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Alex Garland’s election-year provocation ‘CIVIL WAR” is a fascinating, action-packed war epic, unveiling a near-future America in turmoil…

Alex Garland’s election-year provocation ‘CIVIL WAR” is a fascinating, action-packed war epic, unveiling a near-future America in turmoil

The Hollywood Reporter says “A24’s CIVIL WAR movie provokes timing debate amid some fearing actual civil war in US.” India eagerly anticipates the film's release across cinema screens on 19th April.

National, 18 March 2024: Alex Garland's latest endeavor seeks to engage audiences worldwide in 2024, a year marked by significant political milestones. The film presents USA at war with itself, in which ordinary citizens take up arms against each other and blood runs in the streets. ‘Civil War’ Imagines America’s Worst-Case-Scenario Right Around the Corner.

In India, amidst a surge of political cinema (i.e. The Kashmir Files, The Kerala Story, Article 370, JNU, etc), ‘CIVIL WAR’ promises to fuel a thought-provoking conversation as we approach the 18th Lok Sabha elections.

America is in a rough place right now — Right vs. left, blue vs. red, blind faith vs. biased truth. What was once an ideological divide now seems like an unbridgeable chasm. Imagining a not-so-distant future that you might accidentally mistake it for the present, in which the USA is once more at war against itself. The premise is a perfect opportunity to take a cold, hard, genre-inflected look at the American experiment’s current slouching toward self-destruction.

By exploring the unwavering commitment to truth through the lens of journalism, "Civil War" has the potential to spark vital discourse and inspire viewers to critically evaluate the information they encounter.

Alex Garland’s latest which is a wholly consuming thought-provoking war epic, is a deeply fascinating intimate piece that uses the experience and motivations of a group of military-embedded journalists to highlight the chilling reality of living in a world that never learns.

Academy Award nominee Kirsten Dunst plays a jaded photojournalist documenting the end of democracy as we know it in what's sure to be one of the year’s most controversial films. This gritty, war-torn film boasts an impressive ensemble cast, including Wagner Moura, Cailee Spaeny, Stephen McKinley Henderson, and Jesse Plemons.

One of the most anticipated movies in a contentious Red vs. Blue election year, A24‘s Civil War made its grand splash Thursday night in the Texas democratic stronghold of Austin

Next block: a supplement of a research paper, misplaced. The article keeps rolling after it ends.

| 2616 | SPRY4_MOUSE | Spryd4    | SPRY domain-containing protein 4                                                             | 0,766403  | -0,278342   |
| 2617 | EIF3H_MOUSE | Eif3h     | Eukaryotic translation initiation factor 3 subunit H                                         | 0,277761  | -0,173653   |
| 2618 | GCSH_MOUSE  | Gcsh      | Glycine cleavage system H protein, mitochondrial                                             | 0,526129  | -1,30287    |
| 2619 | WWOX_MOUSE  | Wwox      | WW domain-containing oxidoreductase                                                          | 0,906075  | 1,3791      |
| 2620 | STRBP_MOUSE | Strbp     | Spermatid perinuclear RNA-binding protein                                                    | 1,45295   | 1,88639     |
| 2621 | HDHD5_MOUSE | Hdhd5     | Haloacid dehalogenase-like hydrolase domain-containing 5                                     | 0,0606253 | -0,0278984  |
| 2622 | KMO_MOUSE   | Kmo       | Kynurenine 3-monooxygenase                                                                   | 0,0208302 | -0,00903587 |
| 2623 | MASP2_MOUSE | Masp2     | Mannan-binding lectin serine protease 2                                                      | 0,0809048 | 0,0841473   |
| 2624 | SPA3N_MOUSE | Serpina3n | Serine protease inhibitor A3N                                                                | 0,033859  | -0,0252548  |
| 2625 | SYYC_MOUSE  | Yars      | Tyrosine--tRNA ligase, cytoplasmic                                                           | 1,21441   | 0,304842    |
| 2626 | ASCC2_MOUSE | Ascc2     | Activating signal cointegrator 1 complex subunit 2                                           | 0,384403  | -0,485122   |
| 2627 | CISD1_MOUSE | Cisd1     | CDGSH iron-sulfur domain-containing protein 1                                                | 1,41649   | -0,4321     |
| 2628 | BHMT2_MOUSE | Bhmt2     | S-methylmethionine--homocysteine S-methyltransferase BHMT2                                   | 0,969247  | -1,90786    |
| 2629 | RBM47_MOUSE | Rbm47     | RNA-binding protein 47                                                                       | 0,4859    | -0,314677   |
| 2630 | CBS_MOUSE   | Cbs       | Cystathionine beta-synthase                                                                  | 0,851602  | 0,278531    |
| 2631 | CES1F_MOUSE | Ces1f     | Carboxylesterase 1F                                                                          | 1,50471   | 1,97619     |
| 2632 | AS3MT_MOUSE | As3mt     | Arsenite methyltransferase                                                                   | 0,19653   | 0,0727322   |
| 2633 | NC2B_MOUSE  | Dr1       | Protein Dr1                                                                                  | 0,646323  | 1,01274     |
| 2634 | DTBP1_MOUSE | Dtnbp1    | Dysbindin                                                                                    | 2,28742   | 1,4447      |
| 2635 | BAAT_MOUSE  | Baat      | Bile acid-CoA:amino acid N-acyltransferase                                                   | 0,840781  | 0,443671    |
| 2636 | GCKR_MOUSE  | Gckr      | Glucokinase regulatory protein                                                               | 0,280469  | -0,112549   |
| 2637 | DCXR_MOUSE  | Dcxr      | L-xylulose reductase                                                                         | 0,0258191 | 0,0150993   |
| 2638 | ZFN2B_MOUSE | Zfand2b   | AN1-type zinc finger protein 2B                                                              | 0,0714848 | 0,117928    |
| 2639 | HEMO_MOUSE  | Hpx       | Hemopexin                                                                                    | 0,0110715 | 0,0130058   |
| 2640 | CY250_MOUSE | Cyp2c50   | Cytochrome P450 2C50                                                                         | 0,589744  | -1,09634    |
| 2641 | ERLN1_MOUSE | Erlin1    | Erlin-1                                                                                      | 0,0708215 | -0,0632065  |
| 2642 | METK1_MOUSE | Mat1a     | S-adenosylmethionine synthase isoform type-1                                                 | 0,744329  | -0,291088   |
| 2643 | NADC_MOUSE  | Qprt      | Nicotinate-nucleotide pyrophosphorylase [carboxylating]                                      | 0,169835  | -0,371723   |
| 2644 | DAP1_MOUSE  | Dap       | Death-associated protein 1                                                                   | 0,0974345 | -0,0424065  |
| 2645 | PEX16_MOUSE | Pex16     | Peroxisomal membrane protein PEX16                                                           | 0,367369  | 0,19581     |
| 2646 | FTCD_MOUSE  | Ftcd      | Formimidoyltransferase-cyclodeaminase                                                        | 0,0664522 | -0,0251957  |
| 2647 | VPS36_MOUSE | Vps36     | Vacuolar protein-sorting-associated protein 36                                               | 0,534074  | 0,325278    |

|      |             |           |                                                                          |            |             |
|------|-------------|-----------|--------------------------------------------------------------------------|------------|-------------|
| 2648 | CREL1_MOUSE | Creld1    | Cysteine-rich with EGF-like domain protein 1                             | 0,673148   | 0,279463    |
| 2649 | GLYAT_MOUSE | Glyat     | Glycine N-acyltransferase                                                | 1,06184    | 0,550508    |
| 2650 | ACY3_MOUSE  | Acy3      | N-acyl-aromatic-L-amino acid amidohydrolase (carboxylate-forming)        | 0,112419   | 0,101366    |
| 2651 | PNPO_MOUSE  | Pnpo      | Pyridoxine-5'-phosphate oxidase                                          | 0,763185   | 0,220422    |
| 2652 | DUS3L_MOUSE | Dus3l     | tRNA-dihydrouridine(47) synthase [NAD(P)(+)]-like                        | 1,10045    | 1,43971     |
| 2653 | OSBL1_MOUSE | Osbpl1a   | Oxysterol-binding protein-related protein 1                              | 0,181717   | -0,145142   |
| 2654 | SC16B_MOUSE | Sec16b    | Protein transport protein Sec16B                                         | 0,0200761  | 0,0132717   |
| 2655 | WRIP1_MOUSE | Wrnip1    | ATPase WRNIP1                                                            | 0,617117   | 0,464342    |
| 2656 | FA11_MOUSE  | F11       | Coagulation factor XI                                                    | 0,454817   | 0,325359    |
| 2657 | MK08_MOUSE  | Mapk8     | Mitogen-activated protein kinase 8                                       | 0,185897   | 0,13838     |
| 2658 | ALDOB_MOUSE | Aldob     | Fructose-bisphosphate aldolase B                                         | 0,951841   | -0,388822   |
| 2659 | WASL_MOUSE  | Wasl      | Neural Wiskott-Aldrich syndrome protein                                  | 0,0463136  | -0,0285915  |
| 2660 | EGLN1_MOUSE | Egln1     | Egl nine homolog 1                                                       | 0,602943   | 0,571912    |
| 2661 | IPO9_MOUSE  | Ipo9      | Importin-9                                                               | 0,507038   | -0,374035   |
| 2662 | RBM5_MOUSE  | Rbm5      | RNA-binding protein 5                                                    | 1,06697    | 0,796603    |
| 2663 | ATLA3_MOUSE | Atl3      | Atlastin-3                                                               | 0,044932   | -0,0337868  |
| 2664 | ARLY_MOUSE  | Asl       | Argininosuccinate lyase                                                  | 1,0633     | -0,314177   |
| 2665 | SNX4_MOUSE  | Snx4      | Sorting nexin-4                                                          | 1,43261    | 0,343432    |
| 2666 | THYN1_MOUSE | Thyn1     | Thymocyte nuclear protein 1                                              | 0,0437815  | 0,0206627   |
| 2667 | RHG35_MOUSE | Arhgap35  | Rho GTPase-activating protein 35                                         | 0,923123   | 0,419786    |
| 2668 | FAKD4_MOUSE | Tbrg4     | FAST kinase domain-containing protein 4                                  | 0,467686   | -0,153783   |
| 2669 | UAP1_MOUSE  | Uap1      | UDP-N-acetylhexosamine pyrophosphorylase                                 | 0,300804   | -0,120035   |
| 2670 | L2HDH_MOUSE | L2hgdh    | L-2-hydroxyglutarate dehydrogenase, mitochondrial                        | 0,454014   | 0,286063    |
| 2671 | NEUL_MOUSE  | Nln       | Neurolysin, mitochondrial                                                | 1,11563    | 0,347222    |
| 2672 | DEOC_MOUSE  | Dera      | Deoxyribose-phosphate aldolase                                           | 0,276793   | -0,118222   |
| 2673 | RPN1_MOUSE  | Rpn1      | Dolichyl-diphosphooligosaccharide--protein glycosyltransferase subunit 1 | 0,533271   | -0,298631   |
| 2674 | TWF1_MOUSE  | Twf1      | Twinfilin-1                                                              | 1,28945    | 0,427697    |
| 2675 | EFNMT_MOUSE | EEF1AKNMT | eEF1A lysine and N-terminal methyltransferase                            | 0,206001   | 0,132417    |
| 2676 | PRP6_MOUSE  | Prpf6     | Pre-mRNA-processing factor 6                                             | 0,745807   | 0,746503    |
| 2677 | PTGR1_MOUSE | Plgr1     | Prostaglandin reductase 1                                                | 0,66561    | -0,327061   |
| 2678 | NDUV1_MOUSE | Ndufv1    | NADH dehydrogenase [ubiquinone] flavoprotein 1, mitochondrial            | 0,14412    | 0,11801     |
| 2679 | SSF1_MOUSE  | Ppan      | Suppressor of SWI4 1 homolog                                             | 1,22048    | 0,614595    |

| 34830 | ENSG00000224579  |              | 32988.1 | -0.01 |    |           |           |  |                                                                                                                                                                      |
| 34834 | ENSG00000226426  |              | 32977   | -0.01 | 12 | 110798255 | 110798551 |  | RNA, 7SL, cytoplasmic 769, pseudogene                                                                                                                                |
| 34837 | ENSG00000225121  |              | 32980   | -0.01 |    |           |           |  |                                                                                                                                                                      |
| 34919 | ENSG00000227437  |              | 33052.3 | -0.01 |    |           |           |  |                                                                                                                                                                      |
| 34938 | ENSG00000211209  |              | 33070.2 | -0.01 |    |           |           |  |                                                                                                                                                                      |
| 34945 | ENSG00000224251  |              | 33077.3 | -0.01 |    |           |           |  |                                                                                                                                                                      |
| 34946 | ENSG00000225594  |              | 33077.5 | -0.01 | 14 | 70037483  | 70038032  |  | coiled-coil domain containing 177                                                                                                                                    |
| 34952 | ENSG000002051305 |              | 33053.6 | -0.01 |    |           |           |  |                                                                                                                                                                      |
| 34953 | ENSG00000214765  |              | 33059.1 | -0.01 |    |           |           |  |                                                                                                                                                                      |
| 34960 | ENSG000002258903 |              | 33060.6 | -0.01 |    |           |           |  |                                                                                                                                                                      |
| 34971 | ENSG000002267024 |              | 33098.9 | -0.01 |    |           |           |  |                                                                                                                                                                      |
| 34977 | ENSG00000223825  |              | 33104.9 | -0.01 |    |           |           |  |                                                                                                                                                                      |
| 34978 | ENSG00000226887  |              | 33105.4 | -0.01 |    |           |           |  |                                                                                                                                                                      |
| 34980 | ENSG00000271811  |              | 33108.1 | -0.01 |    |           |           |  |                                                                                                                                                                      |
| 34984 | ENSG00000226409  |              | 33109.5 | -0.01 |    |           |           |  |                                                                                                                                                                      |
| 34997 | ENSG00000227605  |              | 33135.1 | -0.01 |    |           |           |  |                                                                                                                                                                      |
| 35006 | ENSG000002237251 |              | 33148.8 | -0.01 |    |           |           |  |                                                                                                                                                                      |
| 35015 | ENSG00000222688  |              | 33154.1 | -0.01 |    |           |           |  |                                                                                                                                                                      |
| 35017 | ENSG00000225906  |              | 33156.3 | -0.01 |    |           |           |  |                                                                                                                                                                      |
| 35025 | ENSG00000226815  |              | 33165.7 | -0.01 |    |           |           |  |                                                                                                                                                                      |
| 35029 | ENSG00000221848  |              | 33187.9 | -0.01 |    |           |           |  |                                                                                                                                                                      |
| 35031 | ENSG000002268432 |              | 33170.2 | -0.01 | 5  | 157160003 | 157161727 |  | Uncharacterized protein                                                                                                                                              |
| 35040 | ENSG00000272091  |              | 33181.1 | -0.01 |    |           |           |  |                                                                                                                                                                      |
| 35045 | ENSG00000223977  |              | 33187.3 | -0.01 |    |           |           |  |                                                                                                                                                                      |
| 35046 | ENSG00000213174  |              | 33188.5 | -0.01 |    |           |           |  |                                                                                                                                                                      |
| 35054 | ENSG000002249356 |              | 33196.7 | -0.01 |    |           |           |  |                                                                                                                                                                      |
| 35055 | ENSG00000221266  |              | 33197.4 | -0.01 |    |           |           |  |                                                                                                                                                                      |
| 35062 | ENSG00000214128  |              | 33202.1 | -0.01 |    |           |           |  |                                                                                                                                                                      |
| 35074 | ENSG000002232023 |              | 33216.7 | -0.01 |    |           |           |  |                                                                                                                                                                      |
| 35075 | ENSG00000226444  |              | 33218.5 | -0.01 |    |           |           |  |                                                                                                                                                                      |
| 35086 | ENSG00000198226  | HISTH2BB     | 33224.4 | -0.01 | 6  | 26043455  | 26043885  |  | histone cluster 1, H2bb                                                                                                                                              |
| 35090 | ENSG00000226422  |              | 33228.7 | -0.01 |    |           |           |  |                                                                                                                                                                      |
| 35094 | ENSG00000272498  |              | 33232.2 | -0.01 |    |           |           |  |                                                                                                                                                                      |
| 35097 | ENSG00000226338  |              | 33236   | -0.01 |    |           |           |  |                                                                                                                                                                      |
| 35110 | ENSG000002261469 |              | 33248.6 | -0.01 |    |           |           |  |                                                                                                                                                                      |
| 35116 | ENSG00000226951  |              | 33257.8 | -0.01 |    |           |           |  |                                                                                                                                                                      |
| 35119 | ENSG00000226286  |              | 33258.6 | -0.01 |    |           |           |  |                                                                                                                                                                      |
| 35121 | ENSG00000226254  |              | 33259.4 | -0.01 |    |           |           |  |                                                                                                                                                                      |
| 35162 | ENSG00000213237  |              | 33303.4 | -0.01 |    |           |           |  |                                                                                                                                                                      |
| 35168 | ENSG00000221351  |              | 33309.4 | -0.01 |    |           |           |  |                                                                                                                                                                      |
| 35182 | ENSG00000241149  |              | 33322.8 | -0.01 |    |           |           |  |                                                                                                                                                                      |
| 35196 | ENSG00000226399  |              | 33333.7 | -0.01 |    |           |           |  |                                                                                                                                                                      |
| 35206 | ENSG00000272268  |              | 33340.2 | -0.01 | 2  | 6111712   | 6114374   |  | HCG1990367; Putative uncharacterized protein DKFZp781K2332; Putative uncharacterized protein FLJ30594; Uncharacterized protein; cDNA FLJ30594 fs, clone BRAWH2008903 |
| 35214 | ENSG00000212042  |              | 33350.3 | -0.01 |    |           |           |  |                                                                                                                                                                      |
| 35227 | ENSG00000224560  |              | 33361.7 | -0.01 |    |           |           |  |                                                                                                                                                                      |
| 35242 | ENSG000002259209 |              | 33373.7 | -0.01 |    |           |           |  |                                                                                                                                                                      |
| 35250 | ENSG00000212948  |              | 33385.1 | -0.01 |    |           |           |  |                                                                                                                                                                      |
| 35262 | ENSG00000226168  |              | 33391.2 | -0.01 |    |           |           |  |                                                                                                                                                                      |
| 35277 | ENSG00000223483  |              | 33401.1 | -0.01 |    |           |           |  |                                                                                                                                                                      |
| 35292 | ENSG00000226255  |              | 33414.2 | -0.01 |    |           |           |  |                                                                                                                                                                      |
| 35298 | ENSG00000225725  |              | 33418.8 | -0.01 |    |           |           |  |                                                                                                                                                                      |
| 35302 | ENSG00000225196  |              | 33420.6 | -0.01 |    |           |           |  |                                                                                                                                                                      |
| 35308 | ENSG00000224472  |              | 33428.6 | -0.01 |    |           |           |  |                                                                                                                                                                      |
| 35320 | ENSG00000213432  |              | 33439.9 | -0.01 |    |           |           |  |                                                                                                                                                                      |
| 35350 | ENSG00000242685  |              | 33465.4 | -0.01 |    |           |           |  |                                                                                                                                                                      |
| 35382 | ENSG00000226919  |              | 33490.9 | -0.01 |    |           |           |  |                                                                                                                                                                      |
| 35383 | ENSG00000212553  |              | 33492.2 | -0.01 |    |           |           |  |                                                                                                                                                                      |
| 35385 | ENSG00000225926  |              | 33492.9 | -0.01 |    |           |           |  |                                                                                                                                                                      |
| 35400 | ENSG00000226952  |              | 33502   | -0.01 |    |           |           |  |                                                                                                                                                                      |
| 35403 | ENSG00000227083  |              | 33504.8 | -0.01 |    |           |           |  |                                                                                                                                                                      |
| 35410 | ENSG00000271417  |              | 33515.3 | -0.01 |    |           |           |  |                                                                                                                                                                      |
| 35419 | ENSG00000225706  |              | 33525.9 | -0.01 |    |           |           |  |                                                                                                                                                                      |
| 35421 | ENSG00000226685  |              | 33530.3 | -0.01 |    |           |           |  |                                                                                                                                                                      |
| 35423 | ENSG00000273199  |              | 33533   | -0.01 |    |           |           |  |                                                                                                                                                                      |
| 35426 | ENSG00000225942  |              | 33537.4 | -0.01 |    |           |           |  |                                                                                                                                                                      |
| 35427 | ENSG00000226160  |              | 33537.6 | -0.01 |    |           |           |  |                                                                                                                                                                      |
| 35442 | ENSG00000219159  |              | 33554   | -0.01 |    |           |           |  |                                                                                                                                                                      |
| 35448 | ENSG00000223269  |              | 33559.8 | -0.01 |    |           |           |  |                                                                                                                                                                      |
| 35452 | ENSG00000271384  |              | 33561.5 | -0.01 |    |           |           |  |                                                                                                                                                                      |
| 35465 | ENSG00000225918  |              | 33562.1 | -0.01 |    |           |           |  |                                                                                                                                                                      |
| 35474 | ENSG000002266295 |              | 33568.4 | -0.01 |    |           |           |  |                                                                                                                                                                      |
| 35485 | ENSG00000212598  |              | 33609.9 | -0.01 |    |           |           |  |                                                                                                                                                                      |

If one is to engage honestly with “Civil War,’ one must also engage with the state of journalism. It is impossible not to in a country that has seen fascism rear its ugly head and reactionary conspiracies take hold in response to cascading existential crises. In the case of “Civil War” it culminates in violence that consumes the country.

The dystopian future movie depicting the harrowing & senseless realities of war is set in a U.S. in which a three-term demagogue president rules (sound scary familiar? He’s played by Nick Offerman). Civil War follows a war journalist, played by Kirsten Dunst, as she traverses a very hostile America.

Given the election year we’re in and the feeling that we’re about to reprise a truly contentious contest for the country’s highest office, however, it’s hard not to think we’re on the brink of a second conflict between citizens on our own soil. It can happen here. It can happen again.

There Garland said he wanted to make journalists the heroes in Civil War because in “every democracy they aren’t a luxury, but a necessity.”

“Civil War” follows a group of journalists. At the center of this is veteran war photographer Lee, played by an understated yet completely enthralling Kirsten Dunst, who has seen more death than many would in a lifetime. Now, she must cover a conflict in her own country and grapple with what this means. She takes aspiring young photographer Jessie (Cailee Spaeny) under her wing as she plans to travel across the country with her colleagues Joel (Wagner Moura) and Sammy (Stephen McKinley Henderson) to interview the president (Offerman) before what is believed to be the violent end of his regime.

While political films often touch upon pressing social issues, they frequently oversimplify the role of journalists. However, Alex Garland's "Civil War," backed by A24 as their most ambitious project yet, courageously confronts this flawed narrative.

The film delivers a raw portrayal of the physical and psychological hardships journalists endure in conflict zones - risking their lives amidst bullets, shelling, kidnappings, and death threats to uncover the unvarnished truth


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